What would you do the moment you knew your business had been infected with ransomware? Imagine the panic that follows in the moments after discovering an attack, as you try to work out which files have been encrypted, and whether you need to start having awkward conversations with customers because your service is interrupted, or worse, the data you hold about them may be inaccessible. And that’s before you begin counting the cost of disruption and downtime to the business as you deal with the emergency.

These aren’t idle questions. In April, the FBI warned about rising volumes of ransomware attacks, which cost 2,453 victims more than $24 million combined in 2015. In our own business, the number of organisations contacting us about ransomware attacks increased by a massive 380%t in Q1 2016 compared to the final three months of last year.

In several cases where we’ve been called to help, it’s quickly become clear that many of the organisations don’t have an incident plan in place to deal with situations such as this. If someone is breaking into your house, you automatically know to call the police, but many businesses, including some very large organisations, don’t know what procedure they need to follow for a cyberattack.

Some victims reacted instinctively and switched off any infected computers. It’s understandable but it is a huge hindrance to the team who need to forensically analyse the machine to investigate the attack. Simple things like unplugging the network cable but leaving the computer on means that the machine can be scanned and you can understand how the attack happened.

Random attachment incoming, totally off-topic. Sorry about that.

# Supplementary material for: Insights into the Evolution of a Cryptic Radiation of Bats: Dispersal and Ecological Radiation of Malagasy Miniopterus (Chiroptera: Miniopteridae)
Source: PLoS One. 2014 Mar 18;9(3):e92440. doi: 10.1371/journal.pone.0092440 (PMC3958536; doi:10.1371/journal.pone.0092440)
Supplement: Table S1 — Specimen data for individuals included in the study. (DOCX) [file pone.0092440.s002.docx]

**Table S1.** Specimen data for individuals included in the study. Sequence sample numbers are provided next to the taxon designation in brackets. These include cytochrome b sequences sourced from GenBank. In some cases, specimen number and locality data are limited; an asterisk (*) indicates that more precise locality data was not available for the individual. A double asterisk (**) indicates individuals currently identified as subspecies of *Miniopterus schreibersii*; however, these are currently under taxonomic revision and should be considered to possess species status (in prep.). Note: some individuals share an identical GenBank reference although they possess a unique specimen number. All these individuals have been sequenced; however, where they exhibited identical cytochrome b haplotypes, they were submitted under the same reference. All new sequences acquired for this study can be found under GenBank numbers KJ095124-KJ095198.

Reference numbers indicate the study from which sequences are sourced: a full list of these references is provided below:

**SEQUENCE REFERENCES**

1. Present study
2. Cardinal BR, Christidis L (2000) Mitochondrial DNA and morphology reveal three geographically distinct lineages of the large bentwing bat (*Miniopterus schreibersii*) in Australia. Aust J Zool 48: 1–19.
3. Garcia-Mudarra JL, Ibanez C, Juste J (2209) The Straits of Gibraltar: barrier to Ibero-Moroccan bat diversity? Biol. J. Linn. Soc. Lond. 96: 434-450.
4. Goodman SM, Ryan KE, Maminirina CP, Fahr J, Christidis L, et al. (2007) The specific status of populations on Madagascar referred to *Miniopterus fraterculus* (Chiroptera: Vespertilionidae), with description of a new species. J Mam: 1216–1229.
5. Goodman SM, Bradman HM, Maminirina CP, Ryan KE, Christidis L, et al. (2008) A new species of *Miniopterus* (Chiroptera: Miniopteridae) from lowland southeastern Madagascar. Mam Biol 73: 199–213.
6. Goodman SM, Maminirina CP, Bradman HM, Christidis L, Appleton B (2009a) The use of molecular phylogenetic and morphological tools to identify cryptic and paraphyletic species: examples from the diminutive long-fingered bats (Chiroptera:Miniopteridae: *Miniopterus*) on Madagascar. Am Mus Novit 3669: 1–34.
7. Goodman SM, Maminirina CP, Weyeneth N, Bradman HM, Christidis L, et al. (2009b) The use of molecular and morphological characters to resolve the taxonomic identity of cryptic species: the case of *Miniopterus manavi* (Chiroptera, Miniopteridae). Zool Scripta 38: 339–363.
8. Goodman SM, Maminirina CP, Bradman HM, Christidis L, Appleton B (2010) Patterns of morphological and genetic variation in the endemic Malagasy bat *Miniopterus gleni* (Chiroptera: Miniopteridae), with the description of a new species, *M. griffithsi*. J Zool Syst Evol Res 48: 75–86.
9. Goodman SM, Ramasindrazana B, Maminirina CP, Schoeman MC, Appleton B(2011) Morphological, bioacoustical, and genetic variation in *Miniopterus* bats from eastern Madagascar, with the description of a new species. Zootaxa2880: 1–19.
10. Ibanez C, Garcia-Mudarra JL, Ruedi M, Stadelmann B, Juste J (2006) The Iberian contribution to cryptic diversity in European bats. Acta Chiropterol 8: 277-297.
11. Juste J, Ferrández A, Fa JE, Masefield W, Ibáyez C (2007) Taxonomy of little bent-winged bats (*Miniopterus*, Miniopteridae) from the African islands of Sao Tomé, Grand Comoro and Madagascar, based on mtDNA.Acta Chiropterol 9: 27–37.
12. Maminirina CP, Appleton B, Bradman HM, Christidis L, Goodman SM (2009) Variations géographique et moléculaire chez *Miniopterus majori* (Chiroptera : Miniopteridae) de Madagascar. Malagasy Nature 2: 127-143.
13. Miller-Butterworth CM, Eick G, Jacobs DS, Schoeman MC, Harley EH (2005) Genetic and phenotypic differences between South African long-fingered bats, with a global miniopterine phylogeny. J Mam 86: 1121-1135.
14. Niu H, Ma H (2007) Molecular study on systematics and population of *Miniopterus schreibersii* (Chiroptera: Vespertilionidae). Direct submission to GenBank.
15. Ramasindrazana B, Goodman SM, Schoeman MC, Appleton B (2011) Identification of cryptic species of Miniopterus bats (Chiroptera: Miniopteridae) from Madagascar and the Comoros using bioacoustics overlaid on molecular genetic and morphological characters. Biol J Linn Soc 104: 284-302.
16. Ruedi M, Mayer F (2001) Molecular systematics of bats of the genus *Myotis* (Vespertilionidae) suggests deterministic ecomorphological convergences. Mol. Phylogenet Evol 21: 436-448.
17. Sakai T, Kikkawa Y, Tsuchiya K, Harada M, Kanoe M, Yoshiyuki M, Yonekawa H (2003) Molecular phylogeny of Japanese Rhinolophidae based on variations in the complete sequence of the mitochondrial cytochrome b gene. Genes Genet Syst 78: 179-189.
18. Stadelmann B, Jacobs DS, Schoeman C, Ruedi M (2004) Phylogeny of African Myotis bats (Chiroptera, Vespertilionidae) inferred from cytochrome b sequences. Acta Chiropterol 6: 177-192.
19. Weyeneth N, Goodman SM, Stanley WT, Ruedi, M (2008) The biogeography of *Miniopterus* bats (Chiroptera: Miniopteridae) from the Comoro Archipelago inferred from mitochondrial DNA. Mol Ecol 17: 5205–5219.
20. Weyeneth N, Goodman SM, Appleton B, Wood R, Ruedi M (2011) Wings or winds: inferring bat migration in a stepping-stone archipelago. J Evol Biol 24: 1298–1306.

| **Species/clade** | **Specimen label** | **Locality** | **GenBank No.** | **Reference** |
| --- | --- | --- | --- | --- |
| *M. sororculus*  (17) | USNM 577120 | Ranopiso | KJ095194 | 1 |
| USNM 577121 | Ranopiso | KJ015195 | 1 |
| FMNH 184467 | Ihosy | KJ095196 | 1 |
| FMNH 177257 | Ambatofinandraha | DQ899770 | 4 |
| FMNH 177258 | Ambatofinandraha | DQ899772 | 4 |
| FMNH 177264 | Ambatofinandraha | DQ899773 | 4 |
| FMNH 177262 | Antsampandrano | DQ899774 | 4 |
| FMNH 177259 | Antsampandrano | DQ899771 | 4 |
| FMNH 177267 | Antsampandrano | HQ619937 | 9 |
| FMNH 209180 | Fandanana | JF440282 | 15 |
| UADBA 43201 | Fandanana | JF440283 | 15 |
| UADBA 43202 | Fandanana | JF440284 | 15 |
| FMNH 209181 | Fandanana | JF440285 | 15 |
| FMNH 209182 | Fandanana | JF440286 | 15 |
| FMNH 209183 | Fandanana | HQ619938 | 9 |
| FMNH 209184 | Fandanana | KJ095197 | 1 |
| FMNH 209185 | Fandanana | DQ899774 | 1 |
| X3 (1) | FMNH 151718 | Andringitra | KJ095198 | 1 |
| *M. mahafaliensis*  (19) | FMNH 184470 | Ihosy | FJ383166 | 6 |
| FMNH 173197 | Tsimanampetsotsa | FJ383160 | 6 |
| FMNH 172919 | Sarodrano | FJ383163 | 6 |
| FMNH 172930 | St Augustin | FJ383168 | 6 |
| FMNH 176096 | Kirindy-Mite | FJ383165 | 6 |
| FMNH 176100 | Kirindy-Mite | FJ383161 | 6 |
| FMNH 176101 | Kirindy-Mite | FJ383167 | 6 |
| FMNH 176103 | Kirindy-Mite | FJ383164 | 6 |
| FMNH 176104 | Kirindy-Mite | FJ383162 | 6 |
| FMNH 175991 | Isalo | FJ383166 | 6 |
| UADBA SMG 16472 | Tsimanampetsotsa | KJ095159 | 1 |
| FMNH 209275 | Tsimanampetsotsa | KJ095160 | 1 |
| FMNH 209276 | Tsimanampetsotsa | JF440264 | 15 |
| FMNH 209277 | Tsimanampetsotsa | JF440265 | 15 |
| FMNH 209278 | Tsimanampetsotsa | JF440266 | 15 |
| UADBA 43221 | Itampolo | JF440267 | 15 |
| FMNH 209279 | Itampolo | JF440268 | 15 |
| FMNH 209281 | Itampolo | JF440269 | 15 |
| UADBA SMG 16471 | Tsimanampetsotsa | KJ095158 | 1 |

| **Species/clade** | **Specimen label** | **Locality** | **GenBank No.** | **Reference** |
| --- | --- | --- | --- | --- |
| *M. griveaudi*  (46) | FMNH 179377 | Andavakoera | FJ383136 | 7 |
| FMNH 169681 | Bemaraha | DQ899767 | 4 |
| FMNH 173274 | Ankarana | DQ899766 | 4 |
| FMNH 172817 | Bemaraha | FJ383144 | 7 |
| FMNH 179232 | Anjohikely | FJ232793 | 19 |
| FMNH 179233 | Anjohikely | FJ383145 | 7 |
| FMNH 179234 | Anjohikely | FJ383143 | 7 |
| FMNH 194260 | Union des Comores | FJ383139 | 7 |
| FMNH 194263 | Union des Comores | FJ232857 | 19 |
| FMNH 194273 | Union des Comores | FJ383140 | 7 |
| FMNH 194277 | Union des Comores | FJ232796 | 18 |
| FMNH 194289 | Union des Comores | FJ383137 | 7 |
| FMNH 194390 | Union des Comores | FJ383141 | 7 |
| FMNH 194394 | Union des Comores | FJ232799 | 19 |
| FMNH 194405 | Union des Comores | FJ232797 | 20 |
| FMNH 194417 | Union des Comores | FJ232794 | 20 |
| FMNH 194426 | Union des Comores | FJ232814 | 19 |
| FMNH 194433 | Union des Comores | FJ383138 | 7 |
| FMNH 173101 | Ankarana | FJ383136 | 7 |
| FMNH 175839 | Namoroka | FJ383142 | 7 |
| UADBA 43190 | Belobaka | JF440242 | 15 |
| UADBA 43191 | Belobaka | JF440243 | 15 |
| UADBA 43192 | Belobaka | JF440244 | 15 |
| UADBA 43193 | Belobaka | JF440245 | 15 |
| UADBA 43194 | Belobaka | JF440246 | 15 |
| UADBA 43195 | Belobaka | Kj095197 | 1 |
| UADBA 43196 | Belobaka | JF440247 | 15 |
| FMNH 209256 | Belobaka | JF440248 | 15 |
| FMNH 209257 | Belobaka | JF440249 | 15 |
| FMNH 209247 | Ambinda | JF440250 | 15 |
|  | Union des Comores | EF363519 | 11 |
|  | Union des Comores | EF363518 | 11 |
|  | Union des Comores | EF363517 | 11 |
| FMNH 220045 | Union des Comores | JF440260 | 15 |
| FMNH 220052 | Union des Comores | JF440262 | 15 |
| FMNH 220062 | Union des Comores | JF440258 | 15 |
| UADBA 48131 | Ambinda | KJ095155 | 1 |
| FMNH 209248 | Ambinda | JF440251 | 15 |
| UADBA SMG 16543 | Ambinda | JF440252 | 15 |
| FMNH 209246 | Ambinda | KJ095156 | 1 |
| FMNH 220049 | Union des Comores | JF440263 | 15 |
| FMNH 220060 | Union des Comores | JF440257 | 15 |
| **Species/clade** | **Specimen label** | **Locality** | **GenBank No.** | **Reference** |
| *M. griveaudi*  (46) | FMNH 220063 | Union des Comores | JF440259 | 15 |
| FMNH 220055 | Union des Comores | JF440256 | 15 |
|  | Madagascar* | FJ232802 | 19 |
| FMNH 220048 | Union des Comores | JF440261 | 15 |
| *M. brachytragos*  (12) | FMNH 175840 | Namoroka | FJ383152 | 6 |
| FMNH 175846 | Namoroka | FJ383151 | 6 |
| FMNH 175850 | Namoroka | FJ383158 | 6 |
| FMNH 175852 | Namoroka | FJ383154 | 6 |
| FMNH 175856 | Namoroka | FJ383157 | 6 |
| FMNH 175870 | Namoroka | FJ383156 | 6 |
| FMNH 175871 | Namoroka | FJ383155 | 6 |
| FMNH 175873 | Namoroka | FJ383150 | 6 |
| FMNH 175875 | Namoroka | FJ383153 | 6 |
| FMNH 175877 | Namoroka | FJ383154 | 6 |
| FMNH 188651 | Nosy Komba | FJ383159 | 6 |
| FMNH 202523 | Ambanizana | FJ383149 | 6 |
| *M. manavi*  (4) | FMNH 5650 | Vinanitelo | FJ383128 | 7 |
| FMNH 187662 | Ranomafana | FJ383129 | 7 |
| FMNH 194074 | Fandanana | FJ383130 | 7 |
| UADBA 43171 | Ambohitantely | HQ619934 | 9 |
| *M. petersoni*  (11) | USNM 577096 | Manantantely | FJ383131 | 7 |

Where security is concerned, the threats are too potent to go without a plan. Some of the best money you can spend is on relatively simple items like a risk assessment register or a cybersecurity strategy document. In our experience, a risk assessment exercise usually takes between 7-11 days depending on the size of the company. By knowing the weakest spots in its infrastructure, that organisation can then make more informed decisions about how to allocate the rest of its security budget.

“The number of organisations contacting us about ransomware attacks increased by a massive 380%t in Q1 2016 compared to the final three months of last year”

We see a lot of investment in the wrong areas in security, so a cybersecurity strategy can address this. It helps the business to be more secure, to grow and be more profitable. It doesn’t mandate or prescribe technologies; it’s essentially a list of the most valuable assets in the business.

Integrity360 recently worked with a customer that sold via catalogues, in store and online. Its e-commerce sales were healthy but a risk assessment exercise revealed the company had actually spent very little on protecting its web site. When we upgraded the security infrastructure, we blocked malicious traffic coming to the web site, which meant the company’s existing customers had a better experience because the site was faster. What’s more, the customers didn’t need to buy extra servers to bear the load of traffic that wasn’t translating into sales.

Far too often, security is seen as an obstacle in the way of doing business, but the example above shows how security can be a business enabler. It’s no coincidence that the FBI’s April warning made a very clear reference for the need to prepare for cyberattacks like ransomware in advance. Start with a good plan, and good protection will follow.

This article is courtesy of TechCentral.ie. 

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